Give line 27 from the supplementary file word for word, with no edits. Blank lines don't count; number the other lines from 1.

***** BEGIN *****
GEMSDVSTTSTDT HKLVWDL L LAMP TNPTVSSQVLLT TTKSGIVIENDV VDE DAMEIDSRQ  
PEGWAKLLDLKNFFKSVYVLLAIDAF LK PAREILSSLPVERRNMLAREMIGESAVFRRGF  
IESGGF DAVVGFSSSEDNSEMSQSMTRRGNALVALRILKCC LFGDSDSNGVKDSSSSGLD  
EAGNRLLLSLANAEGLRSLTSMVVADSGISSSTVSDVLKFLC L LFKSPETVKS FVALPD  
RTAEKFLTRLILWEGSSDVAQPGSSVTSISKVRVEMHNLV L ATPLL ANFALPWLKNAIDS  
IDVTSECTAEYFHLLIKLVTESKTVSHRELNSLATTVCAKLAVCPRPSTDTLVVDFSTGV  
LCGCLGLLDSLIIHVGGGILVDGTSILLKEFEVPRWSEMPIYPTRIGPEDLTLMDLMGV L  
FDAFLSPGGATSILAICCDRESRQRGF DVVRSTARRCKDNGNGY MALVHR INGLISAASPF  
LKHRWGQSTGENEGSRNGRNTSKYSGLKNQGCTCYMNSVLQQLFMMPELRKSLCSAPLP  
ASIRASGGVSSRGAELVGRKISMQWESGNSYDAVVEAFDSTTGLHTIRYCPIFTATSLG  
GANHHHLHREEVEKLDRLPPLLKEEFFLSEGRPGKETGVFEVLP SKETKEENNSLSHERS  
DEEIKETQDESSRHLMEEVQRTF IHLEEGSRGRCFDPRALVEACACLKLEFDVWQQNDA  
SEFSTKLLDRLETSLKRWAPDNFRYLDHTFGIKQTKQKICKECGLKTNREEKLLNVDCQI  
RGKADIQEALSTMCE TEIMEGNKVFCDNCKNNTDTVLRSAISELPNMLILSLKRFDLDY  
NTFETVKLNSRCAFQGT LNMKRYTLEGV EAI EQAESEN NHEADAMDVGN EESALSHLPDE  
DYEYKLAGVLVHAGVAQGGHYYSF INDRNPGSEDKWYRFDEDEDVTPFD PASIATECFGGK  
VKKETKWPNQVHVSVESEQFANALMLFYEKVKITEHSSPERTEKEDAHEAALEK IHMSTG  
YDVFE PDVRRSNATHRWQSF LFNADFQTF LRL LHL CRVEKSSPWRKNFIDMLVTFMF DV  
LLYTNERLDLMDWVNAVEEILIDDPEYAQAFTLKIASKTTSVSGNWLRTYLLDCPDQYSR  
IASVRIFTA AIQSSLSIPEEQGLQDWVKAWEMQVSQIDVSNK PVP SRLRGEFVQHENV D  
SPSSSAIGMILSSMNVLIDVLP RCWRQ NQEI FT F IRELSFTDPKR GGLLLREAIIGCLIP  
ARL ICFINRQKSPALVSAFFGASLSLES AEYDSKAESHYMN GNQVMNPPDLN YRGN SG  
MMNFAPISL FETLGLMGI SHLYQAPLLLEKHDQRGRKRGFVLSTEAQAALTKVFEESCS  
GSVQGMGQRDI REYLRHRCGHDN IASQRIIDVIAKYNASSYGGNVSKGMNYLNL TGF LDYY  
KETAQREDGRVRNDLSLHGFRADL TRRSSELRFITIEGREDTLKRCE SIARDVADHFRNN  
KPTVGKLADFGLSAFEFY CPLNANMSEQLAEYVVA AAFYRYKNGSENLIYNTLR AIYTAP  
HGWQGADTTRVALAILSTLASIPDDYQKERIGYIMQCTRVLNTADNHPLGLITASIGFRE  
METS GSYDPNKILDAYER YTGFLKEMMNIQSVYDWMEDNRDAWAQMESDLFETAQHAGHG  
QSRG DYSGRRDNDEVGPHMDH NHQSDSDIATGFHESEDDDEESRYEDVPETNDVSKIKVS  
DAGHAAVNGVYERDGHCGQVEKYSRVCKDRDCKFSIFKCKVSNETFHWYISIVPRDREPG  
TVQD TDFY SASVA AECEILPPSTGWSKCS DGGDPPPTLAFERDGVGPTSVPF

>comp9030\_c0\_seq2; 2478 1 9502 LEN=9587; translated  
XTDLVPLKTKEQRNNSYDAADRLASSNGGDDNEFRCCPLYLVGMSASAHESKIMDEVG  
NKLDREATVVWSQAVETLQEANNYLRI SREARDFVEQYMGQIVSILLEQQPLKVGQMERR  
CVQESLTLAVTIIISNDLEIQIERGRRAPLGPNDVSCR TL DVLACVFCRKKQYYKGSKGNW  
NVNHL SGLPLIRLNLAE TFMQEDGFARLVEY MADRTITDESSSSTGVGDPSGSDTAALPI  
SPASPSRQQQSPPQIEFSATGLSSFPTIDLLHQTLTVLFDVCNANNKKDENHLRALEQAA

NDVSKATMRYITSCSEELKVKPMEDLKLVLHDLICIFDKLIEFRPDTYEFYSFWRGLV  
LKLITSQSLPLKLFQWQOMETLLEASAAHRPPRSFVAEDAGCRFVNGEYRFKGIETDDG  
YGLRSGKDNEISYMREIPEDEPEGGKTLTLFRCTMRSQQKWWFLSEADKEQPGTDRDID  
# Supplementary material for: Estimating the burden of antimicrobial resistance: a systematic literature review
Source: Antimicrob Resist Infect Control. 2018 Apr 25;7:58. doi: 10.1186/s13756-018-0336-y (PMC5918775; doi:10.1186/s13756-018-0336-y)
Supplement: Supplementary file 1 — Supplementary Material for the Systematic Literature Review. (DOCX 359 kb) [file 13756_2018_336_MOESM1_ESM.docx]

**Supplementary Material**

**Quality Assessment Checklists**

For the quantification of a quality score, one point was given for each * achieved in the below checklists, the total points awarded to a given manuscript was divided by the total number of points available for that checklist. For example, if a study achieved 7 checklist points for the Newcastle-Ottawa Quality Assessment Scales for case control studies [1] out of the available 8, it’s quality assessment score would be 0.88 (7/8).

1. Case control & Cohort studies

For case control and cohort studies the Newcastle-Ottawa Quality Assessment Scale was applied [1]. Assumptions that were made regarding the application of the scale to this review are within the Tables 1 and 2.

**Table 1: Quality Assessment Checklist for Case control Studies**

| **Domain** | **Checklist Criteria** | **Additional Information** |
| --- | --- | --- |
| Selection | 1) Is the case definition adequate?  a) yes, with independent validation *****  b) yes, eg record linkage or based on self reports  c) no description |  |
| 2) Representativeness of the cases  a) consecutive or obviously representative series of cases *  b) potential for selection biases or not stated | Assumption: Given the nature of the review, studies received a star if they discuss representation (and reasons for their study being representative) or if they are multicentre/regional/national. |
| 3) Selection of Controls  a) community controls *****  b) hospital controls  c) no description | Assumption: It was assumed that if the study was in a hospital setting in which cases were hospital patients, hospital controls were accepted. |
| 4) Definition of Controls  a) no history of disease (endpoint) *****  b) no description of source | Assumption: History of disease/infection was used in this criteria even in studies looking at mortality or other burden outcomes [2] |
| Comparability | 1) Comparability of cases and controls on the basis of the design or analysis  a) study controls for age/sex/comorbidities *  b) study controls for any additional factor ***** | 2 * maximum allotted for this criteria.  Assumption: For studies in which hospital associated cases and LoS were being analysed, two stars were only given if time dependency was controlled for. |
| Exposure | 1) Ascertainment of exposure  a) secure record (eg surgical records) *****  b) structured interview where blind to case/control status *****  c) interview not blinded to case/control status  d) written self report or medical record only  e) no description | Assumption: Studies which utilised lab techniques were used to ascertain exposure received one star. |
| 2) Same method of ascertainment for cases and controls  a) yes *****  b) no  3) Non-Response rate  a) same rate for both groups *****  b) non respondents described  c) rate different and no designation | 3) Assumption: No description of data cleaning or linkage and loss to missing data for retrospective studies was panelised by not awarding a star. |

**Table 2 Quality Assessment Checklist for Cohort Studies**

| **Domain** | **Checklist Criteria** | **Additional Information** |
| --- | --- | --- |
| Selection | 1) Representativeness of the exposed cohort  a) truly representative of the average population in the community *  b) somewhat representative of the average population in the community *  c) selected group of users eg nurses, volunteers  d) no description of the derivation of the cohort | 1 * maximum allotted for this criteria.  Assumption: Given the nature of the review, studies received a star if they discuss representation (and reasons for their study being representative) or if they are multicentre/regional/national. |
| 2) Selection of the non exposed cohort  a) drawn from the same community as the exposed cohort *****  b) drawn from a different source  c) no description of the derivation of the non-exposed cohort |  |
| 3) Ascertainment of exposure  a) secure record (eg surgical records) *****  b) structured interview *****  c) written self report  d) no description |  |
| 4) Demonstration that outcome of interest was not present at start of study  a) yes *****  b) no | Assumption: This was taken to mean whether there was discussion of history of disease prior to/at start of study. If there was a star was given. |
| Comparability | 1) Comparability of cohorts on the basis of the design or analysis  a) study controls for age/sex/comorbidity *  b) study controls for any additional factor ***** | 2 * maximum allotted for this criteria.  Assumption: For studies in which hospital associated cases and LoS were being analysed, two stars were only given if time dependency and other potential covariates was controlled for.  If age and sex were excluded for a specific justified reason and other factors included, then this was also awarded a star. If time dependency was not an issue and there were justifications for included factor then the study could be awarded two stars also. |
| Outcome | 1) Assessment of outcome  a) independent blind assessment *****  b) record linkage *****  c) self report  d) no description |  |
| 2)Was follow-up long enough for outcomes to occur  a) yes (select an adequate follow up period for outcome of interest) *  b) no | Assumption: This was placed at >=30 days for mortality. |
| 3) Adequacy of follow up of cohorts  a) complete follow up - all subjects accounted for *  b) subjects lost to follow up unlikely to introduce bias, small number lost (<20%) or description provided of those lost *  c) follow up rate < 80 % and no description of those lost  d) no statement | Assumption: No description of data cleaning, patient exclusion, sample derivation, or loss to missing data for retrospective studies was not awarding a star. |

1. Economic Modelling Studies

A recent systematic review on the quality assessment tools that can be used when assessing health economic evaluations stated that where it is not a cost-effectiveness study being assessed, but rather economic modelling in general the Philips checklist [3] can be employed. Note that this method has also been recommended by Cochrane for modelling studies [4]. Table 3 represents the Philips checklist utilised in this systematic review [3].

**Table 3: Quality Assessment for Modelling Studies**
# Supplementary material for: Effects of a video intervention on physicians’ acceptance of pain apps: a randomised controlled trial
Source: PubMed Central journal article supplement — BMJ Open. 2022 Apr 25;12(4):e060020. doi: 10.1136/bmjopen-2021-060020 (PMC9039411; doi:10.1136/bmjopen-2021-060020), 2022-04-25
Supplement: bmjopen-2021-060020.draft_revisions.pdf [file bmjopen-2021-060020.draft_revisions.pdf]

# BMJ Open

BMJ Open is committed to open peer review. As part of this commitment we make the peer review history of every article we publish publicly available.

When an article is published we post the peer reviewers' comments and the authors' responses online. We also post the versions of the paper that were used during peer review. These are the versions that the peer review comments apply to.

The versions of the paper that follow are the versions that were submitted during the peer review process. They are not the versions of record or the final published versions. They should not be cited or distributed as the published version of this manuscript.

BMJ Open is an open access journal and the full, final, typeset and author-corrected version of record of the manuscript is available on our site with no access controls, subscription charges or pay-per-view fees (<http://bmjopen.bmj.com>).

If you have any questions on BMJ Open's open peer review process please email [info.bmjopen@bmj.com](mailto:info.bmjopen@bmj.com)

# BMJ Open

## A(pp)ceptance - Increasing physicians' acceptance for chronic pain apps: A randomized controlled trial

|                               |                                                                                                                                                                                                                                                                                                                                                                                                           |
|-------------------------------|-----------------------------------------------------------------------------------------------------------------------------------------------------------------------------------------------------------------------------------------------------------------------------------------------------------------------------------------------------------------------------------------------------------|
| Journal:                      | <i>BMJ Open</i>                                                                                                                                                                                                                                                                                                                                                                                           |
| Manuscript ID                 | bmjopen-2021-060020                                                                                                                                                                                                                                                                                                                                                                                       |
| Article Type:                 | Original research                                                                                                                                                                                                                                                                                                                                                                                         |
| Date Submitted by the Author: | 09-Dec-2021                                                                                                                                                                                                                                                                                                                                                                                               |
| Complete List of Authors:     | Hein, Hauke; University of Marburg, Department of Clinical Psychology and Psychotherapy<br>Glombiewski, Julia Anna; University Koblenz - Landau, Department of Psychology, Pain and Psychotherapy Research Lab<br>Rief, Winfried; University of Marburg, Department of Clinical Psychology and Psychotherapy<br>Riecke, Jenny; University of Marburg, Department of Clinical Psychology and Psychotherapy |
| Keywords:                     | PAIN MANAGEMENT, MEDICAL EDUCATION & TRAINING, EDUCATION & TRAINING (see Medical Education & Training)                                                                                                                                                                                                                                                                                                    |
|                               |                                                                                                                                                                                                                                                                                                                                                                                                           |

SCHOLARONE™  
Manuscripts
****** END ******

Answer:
HGWQGADTTRVALAILSTLASIPDDYQKERIGYIMQCTRVLNTADNHPLGLITASIGFRE  